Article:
Pre-normalizing Legendre Polynomials Addendum

Numerical Accuracy of the Spherical Harmonic \(\mu_\ell\) Recurrence Coefficient

The main Legendre.jl series contains a detailed article considering the numerical accuracy of the recurrence implementation as a whole. This short addendum presents a mathematical transformation which is used to improve the accuracy of one of the recurrence relation coefficients for the spherical harmonic normalization.


In part III of the Legendre.jl series, I introduced how to compute pre-normalized associated Legendre polynomials by inserting the normalization condition into the recurrence relations that are iterated to calculate the polynomial values. Specifically, the standard associated Legendre polynomial recurrence relations define an unnormalized “unity” case (so called because $P_0^0(x) = 1$ for all $x$), and then we derived and added a “spherical harmonic” normalization which bakes in the appropriate factor required to combine the Legendre polynomials with a complex exponential in the definition of the spherical harmonics.

Then in part IV of the series, I concentrated on introducing a couple of algorithmic transformations that are independent of any specific normalization scheme to improve the numerical accuracy of the results in general. In contrast to that generic case, though, there are also numerical concerns specific to the normalization conditions themselves, and I specifically alluded to that fact in that article when I made the comment,

… (Of course, the normalization-specific constants should also be calculated in a numerically accurate way, but since that’s specific to each case, we’ll just assume that has been done expertly here.) …

At the time of writing that article, I already knew about an improvement that could be made to the spherical harmonic normalization’s recurrence coefficients, but I thought the digression to explain the modification was out of scope for both of those articles. This note is to simply introduce the transformation I have identified.

The Numerical Problem

The coefficient of concern is the $\mu_\ell$ term which is used to boost along the “diagonal”, taking $\lambda_\ell^\ell(x) \rightarrow \lambda_{\ell+1}^{\ell+1}(x)$. For the spherical harmonic normalization, the straight-forward derivation gives the simple expression

\begin{align} \mu_\ell &= \sqrt{1 + \frac{1}{2\ell}} \end{align}

which was quoted in Part III. This particular expression, though, is a victim of some numerical accuracy problems that are similar to those explored in Part IV.

First, the dynamic part of the expression (the $(2\ell)^{-1}$ factor) decreases in significance compared to the constant $1$ factor. This is a concern because the relative change from $\mu_{\ell-1}$ to $\mu_\ell$ is all that distinguishes each step of the recurrence from the previous, and the change $\mu_\ell - \mu_{\ell-1}$ is evocative of the catastrophic cancellation that was extensively discussed in Part IV. If the “identity” of each step of the recurrence fades as $\ell \rightarrow \infty$, we can surmise that this could decrease the numerical accuracy at high $\ell$.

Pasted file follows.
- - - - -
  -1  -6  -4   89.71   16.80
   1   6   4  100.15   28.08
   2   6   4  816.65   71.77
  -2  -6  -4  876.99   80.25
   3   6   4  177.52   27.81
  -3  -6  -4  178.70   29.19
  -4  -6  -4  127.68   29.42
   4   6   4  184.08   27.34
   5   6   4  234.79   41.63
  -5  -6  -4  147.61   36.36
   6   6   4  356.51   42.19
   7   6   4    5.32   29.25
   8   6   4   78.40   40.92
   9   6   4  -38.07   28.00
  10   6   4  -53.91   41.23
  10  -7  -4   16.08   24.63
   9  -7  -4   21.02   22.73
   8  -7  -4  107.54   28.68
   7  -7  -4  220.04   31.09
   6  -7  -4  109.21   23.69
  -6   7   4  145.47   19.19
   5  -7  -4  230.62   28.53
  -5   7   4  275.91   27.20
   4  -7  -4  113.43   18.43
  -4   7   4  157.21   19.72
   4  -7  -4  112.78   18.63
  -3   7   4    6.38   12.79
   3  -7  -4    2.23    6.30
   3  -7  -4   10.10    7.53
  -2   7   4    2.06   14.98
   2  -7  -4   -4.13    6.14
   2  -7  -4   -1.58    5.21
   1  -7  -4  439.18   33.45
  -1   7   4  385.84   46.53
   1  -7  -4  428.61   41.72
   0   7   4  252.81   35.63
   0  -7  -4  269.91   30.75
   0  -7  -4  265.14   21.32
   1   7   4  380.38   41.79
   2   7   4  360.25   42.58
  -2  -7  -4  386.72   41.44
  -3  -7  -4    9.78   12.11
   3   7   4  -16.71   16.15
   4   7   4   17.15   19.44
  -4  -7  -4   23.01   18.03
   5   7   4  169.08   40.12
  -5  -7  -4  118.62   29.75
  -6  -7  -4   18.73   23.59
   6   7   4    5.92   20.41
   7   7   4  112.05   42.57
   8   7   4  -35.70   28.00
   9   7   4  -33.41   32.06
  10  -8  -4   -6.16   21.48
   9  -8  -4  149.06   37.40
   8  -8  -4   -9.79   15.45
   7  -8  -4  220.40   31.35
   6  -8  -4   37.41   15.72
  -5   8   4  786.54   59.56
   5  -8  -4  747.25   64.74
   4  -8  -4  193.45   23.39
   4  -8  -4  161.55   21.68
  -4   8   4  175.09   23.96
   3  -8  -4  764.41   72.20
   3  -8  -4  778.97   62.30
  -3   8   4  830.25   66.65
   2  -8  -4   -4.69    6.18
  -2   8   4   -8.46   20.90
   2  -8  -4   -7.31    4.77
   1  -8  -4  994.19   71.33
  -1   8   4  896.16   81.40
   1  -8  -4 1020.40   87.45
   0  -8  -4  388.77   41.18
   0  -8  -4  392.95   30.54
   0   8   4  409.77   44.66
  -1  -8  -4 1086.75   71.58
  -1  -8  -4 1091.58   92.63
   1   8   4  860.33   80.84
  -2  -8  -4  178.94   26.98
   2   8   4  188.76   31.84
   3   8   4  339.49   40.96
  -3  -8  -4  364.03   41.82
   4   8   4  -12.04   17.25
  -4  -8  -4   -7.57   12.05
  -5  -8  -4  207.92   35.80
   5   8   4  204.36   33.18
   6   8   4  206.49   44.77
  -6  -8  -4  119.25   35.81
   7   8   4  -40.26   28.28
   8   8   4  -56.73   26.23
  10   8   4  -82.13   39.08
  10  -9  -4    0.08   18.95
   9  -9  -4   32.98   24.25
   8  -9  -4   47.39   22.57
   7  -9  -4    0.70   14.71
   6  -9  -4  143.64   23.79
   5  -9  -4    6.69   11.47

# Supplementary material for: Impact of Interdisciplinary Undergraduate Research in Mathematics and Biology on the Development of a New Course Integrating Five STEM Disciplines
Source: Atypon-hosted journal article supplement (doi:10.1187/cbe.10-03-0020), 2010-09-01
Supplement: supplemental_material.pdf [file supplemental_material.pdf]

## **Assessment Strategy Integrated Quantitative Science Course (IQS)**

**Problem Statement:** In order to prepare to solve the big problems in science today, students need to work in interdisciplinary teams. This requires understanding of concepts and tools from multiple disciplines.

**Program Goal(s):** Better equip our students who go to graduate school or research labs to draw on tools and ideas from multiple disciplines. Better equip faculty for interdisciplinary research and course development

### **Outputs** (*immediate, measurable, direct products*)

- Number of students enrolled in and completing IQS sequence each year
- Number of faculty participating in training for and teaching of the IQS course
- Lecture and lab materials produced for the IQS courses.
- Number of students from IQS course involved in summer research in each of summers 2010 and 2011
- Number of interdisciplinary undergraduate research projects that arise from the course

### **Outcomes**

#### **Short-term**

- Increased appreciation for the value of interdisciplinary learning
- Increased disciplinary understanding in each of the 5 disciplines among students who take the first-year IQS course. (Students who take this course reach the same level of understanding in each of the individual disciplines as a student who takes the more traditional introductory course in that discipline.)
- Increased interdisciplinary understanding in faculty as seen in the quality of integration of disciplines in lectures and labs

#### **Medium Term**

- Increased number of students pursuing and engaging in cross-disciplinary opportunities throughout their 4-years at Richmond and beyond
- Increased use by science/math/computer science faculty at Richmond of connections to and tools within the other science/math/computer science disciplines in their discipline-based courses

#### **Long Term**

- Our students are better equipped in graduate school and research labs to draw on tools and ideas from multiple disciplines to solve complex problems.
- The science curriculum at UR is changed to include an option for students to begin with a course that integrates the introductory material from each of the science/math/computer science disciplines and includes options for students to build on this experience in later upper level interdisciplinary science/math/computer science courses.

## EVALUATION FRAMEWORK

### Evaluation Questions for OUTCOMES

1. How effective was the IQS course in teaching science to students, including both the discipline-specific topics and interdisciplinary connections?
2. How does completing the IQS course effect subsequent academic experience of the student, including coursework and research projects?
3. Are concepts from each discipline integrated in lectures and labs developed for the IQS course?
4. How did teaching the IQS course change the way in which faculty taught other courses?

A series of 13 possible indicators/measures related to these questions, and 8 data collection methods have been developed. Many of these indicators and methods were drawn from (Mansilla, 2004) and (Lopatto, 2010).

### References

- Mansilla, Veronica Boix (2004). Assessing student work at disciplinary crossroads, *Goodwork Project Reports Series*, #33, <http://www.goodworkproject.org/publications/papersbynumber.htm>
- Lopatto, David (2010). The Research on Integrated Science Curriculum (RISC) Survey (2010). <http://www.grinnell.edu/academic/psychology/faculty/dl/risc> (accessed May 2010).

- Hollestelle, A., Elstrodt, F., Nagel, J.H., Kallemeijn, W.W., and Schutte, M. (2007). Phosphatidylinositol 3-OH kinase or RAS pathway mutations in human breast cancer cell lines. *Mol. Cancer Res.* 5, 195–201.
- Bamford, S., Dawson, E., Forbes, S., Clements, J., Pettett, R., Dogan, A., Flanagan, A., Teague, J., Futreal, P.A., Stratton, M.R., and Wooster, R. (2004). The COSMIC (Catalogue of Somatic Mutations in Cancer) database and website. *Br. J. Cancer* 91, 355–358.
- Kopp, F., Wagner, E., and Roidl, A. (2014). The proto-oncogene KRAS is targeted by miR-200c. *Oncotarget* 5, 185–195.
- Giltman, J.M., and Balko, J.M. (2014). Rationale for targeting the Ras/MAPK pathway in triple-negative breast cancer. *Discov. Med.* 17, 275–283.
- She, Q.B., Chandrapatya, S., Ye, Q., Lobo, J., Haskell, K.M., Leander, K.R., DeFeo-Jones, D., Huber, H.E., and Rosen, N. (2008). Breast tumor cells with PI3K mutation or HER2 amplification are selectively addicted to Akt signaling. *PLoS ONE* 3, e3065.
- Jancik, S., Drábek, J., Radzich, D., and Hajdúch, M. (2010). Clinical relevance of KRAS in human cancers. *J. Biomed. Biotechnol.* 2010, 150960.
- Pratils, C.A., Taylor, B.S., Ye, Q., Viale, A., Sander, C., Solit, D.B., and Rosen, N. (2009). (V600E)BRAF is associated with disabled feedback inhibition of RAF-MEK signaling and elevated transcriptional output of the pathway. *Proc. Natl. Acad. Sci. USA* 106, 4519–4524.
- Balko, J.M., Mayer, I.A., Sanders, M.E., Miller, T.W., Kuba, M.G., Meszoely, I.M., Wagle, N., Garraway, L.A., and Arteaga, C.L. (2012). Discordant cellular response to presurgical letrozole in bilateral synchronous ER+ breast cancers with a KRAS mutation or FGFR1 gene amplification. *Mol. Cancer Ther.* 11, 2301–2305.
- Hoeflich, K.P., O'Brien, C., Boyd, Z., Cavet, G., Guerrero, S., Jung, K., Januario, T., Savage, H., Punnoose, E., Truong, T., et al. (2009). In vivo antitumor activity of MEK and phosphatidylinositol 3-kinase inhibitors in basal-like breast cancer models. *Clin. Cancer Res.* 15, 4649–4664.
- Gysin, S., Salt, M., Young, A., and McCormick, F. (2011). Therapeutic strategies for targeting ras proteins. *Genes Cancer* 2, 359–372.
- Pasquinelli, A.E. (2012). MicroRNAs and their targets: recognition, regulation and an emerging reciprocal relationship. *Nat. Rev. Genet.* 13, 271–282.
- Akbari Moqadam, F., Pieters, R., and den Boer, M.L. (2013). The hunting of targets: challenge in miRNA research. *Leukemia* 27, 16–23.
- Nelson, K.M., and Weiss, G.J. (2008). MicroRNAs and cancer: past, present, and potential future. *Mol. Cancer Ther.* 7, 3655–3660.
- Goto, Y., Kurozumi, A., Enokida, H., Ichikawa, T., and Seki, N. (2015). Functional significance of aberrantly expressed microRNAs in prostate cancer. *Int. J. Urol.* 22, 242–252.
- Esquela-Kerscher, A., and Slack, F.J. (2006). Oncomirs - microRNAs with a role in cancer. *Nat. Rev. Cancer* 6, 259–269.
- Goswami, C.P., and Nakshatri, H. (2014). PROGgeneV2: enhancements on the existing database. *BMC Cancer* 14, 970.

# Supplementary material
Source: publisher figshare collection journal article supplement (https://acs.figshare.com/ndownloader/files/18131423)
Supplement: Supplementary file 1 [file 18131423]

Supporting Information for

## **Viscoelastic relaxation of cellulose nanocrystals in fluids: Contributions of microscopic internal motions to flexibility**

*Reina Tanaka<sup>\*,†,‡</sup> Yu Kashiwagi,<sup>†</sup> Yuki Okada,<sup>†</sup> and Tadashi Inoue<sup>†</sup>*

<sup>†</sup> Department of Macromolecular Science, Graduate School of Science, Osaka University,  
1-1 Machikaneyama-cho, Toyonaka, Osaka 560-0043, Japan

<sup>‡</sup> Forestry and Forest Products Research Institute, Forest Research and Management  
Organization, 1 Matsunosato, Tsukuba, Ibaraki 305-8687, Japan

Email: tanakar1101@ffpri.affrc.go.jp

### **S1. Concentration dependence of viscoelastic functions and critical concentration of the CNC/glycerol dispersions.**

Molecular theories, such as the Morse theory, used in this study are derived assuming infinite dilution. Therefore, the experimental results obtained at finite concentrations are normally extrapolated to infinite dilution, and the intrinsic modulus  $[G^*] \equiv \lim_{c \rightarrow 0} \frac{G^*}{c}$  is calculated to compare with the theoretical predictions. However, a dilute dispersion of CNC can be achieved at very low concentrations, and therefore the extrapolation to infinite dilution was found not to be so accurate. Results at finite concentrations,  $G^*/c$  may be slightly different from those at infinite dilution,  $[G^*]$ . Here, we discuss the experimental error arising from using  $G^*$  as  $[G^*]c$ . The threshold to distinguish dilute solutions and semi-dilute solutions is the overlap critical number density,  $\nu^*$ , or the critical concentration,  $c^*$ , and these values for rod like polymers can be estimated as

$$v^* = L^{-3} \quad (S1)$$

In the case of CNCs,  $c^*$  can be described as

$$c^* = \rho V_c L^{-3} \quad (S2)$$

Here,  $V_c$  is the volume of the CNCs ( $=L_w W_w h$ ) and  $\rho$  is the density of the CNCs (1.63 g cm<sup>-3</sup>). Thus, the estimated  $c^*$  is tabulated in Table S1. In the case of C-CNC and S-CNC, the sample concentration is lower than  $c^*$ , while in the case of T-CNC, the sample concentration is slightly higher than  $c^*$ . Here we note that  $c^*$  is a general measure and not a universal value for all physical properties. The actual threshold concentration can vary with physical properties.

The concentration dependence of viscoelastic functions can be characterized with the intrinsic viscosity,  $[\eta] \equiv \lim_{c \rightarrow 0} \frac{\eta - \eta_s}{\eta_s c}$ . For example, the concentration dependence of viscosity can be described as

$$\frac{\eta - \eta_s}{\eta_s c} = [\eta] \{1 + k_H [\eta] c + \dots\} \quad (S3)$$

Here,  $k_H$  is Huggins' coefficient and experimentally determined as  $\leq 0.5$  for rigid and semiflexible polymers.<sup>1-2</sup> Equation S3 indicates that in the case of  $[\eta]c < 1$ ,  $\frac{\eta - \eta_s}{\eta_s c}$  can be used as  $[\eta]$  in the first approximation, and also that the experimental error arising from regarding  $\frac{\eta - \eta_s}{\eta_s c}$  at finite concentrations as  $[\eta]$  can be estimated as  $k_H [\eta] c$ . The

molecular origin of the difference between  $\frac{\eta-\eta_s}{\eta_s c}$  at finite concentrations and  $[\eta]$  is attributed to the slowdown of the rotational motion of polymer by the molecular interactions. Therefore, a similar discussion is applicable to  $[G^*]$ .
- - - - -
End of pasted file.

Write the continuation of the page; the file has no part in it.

The prior concern is exacerbated by another familiar numerical concern from Part IV — square roots of floating point quantities can introduce numerical error to the calculation. In this case, the problem arises because the $(2\ell)^{-1}$ factor is increasingly contained in the least significant digits of the quantity, and the square root operation progressively has fewer and fewer digits to work with (as they are truncated away in the finite representation of $1 + \epsilon$ for small $\epsilon$).

Before sharing the solution to these problems, let us first visualize the problem. The following figure shows the difference between the values of $\mu_\ell$ computed using both 32-bit and 64-bit floating point numbers versus a reference value computed using extended-precision BigFloat values.

The difference of values computed for the coefficient $\mu_\ell$ in the spherical harmonic normalization when computed at 32-bit (upper) and 64-bit (lower) floating point precision versus a reference value computed using extended-precision BigFloat numerics (and converted to the same floating point type). In both cases, the vertical scale has been scaled from absolute error to relative error in ulps. Note that in the upper panel, the error is systematically biased low for $\ell \gtrsim 1000$. With the greater digits of precision in the lower panel, there is no obvious sign of bias (with the error fluctuating upwards approximately as often as downwards), but we still systematically have incorrectly-rounded values being computed.